Leaks about what will be coming up Android 13 / Android T / Tiramusu are making the rounds, in places like XDA Developers and Android Police. Some of what is discussed will have little impact on developers. Other things will be your typical “double-edged sword” of opportunity and pain.
So, let’s slice some tiramisu with a sword.
It appears as though being able to raise notifications will require a runtime
permission. XDA has screenshots
showing “Notifications” as a permission alongside other standard runtime permissions
like “Camera” and “Contacts”. This suggests that there will be a new
permission for notifications.
However, “notifications” is a rather broad bucket. App developers are going to have to do a fair bit of work to educate users about how the app uses notifications before presenting the permission. Perhaps that education process alone will help to get firms to cut back on the number of superfluous notifications that are presented.
My biggest concern here, though, is what happens when the permission is declined by the
user. Typically, with these permissions, that triggers a
SecurityException when you
attempt to use an API tied to the permission. So, in this case, perhaps
would throw a
My sincere hope is that either this does not happen or it is something we can opt out of
StrictMode). Ideally, this is a quiet failure, logging messages to Logcat
but not crashing the app.
Google went out of their way, for a better part of a decade, to shove notifications
down the throats of developers. With pretty much all the other
Google simply made APIs available, then restricted them later. In the case of notifications,
though, Google proactively took steps to try to convince developers to rely upon
notifications. Saying that “OK, now what we told you to do is at risk of crashing your app”
is just plain rude.
We also have to deal with specific notification scenarios. For example, does this permission imply that foreground services are impossible if users decline the permission? What happens if libraries raise notifications? And so on.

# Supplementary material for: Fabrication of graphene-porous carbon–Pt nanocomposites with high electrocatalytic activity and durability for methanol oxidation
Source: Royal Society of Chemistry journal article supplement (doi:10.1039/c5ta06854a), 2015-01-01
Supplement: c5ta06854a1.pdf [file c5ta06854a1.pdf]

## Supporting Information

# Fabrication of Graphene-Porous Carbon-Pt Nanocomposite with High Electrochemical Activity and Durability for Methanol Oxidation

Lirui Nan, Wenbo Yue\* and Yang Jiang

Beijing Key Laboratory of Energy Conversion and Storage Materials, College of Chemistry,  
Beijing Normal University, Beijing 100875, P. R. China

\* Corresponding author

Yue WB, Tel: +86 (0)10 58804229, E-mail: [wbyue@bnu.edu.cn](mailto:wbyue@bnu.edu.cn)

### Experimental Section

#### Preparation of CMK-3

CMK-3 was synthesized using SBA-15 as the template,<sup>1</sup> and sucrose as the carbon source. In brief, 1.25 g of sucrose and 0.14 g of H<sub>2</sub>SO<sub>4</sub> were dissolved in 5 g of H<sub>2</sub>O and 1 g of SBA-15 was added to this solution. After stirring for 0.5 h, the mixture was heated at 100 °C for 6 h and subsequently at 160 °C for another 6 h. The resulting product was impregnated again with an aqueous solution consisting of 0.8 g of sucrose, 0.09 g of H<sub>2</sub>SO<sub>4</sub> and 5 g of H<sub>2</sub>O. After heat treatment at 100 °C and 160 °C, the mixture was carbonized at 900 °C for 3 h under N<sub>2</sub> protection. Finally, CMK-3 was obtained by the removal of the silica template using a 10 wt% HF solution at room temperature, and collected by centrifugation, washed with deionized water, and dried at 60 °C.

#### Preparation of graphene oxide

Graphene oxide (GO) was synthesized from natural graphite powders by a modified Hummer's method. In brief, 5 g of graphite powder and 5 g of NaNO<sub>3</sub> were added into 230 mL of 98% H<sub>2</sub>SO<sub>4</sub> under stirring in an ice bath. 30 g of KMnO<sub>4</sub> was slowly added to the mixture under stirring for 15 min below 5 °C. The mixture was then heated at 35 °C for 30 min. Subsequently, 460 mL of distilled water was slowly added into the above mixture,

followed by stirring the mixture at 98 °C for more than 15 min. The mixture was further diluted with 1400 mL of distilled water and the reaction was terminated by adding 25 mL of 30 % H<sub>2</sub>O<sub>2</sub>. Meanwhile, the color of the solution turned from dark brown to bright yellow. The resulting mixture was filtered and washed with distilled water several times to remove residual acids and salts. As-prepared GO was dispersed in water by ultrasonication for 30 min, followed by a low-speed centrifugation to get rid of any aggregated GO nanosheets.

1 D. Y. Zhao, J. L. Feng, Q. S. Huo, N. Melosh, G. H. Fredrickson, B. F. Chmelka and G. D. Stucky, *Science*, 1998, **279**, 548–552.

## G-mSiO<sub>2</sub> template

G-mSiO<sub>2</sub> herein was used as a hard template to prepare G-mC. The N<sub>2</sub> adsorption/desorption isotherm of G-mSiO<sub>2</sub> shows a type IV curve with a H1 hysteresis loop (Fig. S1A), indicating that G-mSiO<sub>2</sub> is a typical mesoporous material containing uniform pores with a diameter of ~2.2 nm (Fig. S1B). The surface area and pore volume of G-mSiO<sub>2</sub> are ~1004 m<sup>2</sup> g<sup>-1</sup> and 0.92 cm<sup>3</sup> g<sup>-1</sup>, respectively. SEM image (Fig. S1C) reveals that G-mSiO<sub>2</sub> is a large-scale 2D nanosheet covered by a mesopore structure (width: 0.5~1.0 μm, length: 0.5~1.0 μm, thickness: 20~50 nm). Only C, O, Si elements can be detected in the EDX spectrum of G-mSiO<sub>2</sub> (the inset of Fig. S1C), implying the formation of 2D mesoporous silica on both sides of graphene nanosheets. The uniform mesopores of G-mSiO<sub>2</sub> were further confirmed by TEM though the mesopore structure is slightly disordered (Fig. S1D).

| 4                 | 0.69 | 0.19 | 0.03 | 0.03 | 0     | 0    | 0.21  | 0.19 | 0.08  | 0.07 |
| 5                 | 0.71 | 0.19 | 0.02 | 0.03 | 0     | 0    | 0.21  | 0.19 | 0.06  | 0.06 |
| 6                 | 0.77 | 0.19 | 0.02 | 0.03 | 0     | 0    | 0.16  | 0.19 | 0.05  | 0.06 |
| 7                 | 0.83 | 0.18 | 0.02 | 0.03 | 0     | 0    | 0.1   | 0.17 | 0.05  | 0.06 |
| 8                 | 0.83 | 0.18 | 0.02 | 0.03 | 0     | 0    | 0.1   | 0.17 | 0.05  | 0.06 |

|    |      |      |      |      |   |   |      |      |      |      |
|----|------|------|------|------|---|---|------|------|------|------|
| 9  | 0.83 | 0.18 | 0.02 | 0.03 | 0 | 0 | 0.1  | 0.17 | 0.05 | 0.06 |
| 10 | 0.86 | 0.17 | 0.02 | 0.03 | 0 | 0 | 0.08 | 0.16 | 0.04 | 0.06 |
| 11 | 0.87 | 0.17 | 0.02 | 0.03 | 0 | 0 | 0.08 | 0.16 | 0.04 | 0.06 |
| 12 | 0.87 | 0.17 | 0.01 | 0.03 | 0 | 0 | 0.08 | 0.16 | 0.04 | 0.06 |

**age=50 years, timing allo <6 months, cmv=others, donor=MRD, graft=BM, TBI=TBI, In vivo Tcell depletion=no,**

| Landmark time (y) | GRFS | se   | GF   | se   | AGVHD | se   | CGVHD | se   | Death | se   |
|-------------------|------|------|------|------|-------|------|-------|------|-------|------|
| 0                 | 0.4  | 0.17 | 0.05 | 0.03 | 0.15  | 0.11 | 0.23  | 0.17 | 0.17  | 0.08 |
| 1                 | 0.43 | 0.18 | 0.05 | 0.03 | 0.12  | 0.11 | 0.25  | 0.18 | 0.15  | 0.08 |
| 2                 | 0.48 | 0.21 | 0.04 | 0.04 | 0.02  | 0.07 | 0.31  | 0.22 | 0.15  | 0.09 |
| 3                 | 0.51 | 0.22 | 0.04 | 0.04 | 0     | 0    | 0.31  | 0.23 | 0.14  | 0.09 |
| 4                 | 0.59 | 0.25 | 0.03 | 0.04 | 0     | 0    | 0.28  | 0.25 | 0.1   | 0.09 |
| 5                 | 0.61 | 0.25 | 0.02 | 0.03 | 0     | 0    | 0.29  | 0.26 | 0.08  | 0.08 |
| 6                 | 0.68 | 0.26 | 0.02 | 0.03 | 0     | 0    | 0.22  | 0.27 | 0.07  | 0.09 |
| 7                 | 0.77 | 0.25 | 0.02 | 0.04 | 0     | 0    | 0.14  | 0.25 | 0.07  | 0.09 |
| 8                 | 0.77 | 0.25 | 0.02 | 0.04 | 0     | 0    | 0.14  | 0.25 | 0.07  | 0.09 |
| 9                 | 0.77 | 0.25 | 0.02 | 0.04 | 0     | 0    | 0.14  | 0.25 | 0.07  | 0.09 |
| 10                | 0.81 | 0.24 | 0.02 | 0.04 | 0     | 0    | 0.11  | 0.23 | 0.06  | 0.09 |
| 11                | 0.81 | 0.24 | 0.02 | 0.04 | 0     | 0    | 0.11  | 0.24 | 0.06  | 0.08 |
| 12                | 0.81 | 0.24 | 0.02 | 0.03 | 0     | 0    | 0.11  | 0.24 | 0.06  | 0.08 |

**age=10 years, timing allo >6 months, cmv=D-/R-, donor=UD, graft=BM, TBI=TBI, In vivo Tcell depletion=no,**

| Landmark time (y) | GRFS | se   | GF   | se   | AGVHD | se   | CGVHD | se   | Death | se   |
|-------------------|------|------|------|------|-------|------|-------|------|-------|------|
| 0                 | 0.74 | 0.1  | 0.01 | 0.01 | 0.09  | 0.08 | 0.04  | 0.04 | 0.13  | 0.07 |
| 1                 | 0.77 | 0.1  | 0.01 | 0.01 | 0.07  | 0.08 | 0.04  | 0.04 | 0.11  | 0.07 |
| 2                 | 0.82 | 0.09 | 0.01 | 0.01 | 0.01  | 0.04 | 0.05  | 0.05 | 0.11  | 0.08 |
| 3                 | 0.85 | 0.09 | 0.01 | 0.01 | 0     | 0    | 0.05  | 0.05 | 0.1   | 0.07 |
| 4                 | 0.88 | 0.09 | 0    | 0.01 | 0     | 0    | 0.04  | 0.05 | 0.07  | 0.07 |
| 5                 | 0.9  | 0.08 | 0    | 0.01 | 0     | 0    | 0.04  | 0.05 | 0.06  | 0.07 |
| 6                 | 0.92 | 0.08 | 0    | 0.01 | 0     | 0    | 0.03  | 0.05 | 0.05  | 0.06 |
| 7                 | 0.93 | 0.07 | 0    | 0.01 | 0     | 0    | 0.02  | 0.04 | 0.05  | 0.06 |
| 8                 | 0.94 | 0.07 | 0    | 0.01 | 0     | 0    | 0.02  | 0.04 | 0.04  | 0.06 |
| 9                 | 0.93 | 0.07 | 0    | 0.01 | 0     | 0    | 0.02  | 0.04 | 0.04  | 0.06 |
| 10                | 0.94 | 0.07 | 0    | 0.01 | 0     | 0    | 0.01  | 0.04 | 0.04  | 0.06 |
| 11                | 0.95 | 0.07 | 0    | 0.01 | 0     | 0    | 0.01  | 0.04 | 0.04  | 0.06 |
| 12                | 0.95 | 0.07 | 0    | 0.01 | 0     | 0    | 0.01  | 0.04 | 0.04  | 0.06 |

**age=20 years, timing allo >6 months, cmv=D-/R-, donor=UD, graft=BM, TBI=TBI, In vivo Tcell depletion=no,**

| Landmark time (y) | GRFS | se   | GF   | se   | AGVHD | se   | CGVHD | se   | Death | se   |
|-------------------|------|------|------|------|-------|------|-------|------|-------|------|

Of all the proposed changes, this one scares me the most, just in terms of how Google might go about implementing it and the impacts it can have on developers.
TARE: The Android Resource Economy
XDA also talks about TARE: The Android Resource Economy.
The idea that users might have some way of offering fine-grained advice on what they want to allow apps to do in the background is interesting. The UI shown in that XDA article is dreadful (WTAF is a “satiated balance”?), but the concept has some merit.
However, each year Google goes in and changes the rules as part of The War on Background Processing that has been going on for 6+ years. Combine that with manufacturer-specific changes and developers are completely lost as to what we can and cannot do on any given device. That in turn leads users to assume that apps or devices are broken, just because developers cannot keep apace with documented and undocumented rules.
IOW, it would be really rather nice if Google stuck with a plan for more than a year and took steps (e.g., CDD rules) to get manufacturers to stick with that same plan.
Per-App Locale Settings
For a long time, developers have resorted to hacks to allow a single app to support
multiple languages, by messing with
Locale. While this appears to have held up better
than I would have expected over the years, there are still serious gaps. The biggest
is any UI that comes from other processes, such as notification dialogs — those
processes will not have the customized
Locale and will display their contents in the
default language specified for the device as a whole.
Through a “panlingual” feature, Android 13 might allow users to choose a locale per app via Settings.
On the one hand, this seems wonderful.
On the other hand…
Where does the language change end? It will be interesting to see how they distinguish “showing the system file UI via
ACTION_OPEN_DOCUMENT” and “launching Snapchat”. The former, in theory, ought to follow the language chosen for the app that makes the request; the latter ought to follow the language of the app that is started. Yet, in both cases, the requesting app is just calling
Will Google provide
Compatcode that will combine the new Android 13 capability with Google-supported forms of
Localeswitching for older devices? If yes, how will they handle manufacturers that fail to support the
Intentfor allowing users to switch a language? If no, how will Google advise developers on supporting both the new approach and the old hacks in the same app?
These are early leaks. The things shown in these leaks may not ship, or they may ship in substantially different form. And Android 13 is likely to have many more new features than these, including some that impact developers. With luck, all my worries will vanish in the breeze and it will turn out that everything is awesome.
I’m a Murphy, though, so I’m not counting on that.